For better or worse, London has long been considered one of the world’s great cities. It has produced many of the world’s great artists, writers, and thinkers. Many of the world’s most renowned museums are here, housing priceless historical artifacts and works of art. London’s palaces, parks, gardens, and squares make it an architect’s playground.
By Matt – Activist Post –
Conversely, London is also known as a place where freedom and privacy are nearly extinct. It is one of the world’s most surveilled cities, ranking second globally in CCTV cameras per square mile (1,138) and third in CCTV cameras per person (73 per 1,000). The city’s police have recently purchased facial recognition technology in order to process historical images from these CCTV cameras as well as social media platforms and other sources. This is in addition to the Live Facial Recognition (LFR) technology already deployed in the city.
But this is just one small part of life in one of the world’s most technocratic and surveilled cities. In 2018 the Mayor of London, Sadiq Khan, launched Smarter London Together, his roadmap to make London “the smartest city in the world.” This initiative builds on an older so-called roadmap from 2013, the Smart London Plan which was rolled out by then mayor and current Prime Minister, Boris Johnson. This perfectly illustrates how politicians may come, go, and move around while the technocratic agenda moves forward without resistance.
Jumping to 2020 we find the Smart London Board, the group which helps bring the objectives outlined in the Smarter London Together road map to fruition, developing the Emerging Technologies Charter, “a set of criteria that digital innovations based on artificial intelligence (AI), blockchain, virtual reality and more should meet if they are deployed in the capital.” Meeting the criteria established by this charter is not mandatory in order for new technology to actually be deployed, however. This is important to note in order to properly interpret what is laid out in this document.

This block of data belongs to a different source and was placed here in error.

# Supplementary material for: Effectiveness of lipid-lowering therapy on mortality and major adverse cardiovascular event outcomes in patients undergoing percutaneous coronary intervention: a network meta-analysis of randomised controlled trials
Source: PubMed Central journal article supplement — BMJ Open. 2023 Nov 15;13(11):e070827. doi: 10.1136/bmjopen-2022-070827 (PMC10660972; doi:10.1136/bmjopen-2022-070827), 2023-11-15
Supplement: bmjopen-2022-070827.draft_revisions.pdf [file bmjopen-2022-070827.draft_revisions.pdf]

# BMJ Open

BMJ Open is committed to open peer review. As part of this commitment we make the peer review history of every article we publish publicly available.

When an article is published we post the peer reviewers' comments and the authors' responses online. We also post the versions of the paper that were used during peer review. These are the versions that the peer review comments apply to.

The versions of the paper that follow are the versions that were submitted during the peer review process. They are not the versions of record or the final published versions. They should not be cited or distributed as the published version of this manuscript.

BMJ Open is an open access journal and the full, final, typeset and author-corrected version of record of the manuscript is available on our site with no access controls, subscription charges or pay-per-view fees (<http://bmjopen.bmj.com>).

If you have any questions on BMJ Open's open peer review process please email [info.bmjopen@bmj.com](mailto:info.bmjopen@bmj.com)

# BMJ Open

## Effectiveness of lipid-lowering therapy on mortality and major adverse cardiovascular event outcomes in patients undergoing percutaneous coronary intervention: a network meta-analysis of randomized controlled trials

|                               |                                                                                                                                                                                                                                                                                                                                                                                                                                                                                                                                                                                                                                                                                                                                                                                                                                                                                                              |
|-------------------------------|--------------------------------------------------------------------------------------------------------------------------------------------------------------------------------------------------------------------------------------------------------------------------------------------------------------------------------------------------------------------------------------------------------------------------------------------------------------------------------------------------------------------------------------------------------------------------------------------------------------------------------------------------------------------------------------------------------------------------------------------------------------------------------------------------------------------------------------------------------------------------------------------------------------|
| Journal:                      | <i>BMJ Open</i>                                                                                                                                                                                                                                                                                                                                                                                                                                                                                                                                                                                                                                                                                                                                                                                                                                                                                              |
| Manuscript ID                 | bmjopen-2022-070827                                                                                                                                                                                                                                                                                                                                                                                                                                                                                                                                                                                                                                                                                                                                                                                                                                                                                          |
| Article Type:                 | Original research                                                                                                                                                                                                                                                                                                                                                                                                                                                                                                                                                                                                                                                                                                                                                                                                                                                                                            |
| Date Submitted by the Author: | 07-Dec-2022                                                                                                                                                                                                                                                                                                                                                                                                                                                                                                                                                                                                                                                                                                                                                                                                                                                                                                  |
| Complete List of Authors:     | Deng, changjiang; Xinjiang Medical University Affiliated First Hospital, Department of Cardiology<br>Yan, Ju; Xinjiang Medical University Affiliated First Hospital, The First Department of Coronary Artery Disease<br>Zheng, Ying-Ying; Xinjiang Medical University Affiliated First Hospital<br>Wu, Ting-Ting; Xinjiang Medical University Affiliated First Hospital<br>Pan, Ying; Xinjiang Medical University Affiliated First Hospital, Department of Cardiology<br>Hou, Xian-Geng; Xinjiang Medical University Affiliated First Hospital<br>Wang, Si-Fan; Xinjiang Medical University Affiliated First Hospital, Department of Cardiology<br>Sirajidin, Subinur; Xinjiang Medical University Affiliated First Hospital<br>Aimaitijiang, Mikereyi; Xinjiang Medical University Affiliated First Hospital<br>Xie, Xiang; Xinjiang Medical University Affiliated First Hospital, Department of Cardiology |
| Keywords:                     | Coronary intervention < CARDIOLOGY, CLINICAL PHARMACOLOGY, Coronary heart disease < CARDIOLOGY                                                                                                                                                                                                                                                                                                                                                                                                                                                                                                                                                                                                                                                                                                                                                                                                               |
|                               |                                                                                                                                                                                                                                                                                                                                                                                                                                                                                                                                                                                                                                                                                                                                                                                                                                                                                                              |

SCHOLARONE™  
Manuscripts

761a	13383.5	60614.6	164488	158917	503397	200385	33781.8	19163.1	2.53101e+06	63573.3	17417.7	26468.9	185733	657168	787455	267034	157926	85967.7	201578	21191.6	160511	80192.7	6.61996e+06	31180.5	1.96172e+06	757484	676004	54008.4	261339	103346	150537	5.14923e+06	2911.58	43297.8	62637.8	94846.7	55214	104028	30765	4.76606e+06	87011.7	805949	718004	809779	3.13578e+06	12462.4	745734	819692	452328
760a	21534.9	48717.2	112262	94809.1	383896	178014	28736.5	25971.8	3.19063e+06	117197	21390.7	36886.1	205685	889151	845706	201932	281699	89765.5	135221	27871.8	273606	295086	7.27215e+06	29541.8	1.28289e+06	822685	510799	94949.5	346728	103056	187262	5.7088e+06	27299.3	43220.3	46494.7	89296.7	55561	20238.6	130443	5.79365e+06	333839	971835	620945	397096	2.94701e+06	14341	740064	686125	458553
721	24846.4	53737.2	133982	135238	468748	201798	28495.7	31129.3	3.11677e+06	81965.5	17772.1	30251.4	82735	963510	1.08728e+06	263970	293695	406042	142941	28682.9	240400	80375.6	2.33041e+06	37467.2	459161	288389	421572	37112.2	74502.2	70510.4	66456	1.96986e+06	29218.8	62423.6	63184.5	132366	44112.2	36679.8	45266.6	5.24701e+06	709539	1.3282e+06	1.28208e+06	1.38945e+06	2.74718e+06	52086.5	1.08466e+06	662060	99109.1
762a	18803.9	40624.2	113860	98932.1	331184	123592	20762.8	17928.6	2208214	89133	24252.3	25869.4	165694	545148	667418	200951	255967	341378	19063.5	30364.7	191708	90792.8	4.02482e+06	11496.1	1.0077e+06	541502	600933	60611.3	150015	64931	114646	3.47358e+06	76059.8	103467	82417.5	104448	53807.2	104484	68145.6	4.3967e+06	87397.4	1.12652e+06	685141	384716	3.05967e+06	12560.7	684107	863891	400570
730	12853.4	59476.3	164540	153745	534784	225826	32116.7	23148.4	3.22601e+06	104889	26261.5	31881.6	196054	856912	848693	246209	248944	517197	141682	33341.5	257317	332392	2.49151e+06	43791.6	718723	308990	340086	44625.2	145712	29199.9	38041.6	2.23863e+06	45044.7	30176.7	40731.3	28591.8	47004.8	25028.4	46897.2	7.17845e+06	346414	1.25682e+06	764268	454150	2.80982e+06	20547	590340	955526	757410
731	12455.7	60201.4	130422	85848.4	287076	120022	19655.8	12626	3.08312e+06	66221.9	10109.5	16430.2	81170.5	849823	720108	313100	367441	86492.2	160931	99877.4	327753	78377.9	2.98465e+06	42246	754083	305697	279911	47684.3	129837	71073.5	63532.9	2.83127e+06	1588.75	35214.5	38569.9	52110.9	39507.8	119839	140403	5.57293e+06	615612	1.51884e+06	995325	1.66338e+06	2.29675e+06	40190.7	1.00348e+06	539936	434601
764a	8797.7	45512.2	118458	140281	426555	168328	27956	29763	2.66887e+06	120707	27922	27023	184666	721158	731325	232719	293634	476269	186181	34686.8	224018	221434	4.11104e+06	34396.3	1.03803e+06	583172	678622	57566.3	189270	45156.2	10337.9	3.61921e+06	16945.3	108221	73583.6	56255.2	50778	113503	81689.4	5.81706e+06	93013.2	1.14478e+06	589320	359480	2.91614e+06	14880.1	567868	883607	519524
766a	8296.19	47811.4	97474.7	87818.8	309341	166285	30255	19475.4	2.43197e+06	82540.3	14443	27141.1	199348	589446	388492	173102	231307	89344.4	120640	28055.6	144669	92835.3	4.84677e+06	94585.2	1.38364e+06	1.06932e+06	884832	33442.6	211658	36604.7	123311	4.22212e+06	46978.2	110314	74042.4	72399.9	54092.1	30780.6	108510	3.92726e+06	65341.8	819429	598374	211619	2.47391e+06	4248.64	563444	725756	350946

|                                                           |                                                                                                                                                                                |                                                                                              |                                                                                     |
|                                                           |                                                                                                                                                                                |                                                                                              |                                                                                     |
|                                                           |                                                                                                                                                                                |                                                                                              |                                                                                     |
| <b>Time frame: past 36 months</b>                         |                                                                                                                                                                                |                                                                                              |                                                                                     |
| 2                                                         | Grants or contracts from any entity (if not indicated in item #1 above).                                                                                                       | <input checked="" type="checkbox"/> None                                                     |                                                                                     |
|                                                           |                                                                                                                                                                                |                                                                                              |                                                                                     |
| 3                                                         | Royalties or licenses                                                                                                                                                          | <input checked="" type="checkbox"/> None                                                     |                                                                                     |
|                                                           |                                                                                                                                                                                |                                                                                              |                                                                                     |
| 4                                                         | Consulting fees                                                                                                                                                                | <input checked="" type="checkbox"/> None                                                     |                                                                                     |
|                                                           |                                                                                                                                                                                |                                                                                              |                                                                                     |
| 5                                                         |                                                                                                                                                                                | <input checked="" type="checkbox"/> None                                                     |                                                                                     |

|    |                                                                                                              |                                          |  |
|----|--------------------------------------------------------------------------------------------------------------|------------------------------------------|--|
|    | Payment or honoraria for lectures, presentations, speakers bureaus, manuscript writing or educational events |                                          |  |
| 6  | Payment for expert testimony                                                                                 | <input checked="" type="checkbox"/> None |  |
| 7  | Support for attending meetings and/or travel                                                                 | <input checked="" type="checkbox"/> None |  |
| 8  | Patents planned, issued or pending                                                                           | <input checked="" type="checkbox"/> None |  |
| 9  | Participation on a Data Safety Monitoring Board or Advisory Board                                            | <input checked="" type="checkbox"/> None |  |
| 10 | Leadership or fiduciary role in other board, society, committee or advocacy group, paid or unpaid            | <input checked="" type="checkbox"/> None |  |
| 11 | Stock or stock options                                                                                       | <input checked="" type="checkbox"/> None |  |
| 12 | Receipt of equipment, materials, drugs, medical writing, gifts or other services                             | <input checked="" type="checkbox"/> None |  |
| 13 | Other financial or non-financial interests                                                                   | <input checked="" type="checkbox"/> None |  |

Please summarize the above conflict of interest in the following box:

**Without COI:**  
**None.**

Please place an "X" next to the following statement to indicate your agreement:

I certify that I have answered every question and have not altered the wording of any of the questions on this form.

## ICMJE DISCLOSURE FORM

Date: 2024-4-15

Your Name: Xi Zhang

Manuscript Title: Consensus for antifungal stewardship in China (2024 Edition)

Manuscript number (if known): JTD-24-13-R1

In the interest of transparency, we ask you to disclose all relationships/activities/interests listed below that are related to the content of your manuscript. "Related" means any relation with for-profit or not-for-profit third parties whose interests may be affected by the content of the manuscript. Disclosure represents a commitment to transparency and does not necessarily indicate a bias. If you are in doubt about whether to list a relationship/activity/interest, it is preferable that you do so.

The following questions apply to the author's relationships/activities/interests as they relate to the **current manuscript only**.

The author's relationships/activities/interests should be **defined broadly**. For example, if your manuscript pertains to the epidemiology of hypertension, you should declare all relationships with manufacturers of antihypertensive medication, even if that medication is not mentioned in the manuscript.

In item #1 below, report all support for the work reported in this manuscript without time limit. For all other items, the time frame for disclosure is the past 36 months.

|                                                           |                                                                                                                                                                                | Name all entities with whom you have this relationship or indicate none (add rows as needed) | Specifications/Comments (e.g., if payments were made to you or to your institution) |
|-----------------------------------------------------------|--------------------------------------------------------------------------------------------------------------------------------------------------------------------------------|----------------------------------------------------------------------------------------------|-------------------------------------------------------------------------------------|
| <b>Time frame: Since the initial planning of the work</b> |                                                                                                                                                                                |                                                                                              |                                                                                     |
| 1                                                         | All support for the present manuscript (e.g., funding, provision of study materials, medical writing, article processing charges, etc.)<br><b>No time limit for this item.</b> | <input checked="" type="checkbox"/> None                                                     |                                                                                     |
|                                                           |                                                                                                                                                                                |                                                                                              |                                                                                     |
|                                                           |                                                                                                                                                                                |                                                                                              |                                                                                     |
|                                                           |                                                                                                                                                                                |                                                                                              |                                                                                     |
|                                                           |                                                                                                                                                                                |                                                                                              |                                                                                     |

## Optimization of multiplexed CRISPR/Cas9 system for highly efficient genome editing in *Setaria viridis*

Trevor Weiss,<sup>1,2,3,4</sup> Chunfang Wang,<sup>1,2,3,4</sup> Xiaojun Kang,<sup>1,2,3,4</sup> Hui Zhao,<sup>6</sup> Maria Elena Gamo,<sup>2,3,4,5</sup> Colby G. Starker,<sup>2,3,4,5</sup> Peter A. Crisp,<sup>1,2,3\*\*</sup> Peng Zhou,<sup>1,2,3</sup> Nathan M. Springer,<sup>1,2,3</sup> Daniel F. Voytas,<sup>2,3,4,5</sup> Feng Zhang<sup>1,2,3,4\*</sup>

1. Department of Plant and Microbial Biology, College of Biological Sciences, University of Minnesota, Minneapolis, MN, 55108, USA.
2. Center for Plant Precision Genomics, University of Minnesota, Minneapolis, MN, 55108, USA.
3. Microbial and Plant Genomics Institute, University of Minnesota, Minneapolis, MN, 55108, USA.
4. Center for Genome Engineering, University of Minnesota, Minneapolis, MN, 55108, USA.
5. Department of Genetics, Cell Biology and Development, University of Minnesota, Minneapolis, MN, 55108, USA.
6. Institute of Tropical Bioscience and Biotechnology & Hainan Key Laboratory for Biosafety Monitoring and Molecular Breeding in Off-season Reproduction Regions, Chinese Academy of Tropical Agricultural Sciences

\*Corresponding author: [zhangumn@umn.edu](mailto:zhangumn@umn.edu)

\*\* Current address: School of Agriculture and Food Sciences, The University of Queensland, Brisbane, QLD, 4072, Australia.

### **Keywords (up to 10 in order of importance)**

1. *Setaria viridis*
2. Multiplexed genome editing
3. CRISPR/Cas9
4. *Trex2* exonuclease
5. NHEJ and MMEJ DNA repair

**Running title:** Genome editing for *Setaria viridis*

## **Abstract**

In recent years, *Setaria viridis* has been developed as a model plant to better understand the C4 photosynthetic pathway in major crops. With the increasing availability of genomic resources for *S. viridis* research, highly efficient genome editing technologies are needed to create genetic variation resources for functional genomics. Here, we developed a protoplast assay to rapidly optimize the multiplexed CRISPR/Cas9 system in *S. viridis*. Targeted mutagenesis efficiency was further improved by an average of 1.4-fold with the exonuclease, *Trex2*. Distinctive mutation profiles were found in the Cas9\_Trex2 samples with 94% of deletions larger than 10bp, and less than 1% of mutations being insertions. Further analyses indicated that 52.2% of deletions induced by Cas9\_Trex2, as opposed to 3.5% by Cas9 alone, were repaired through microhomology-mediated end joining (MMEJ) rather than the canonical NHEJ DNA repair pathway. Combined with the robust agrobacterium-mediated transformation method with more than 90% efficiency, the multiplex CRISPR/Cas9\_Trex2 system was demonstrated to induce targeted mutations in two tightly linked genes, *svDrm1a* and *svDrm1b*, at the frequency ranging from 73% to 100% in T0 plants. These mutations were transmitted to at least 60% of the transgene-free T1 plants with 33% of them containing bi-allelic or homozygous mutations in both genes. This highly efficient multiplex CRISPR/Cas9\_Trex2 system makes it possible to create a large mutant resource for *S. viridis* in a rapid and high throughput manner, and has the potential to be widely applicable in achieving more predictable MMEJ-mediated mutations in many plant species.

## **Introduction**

The most recent version of the charter was published last week. The Mayor, an avowed globalist committed to fulfilling to The Great Reset agenda, says that the charter will play a significant role in the economic and social recovery of London. Let’s examine what that recovery will look like.
The document opens with praise for London already being one of the leading technocratic cities on the planet, highlighting the city as a hub for the research, development, and innovation of 5G, the Internet of Things (IoT), and artificial intelligence (AI). The charter claims this infrastructural is all in place to ensure fast download speeds and rapid data processing capabilities. In reality, this is the infrastructure needed for the ruling class to manage all aspects of life, including the human body itself.
The charter then goes on to list the four principles for implementing technology in London.
When trialling and deploying emerging technologies, the government will aspire to “work in the open” wherever possible and will describe what the technology is, what it can do, why it is being used and, “where appropriate”, the legal and ethical basis for doing so in what they call “Plain English.”
Translation: the government will work behind closed doors as much as possible, illegally and unethically as often as they feel like it.
When the government says Plain English they mean short words and short sentences meant for anyone with a 9-year-old’s reading comprehension skills. In other words, the government will be deploying highly complicated technology, only telling you about it when they feel like it, and when they do, they’ll speak to you like you’re a child.
They also totally promise to speak with local communities, protect personal data, and give regular updates about their undertakings in the name of being open.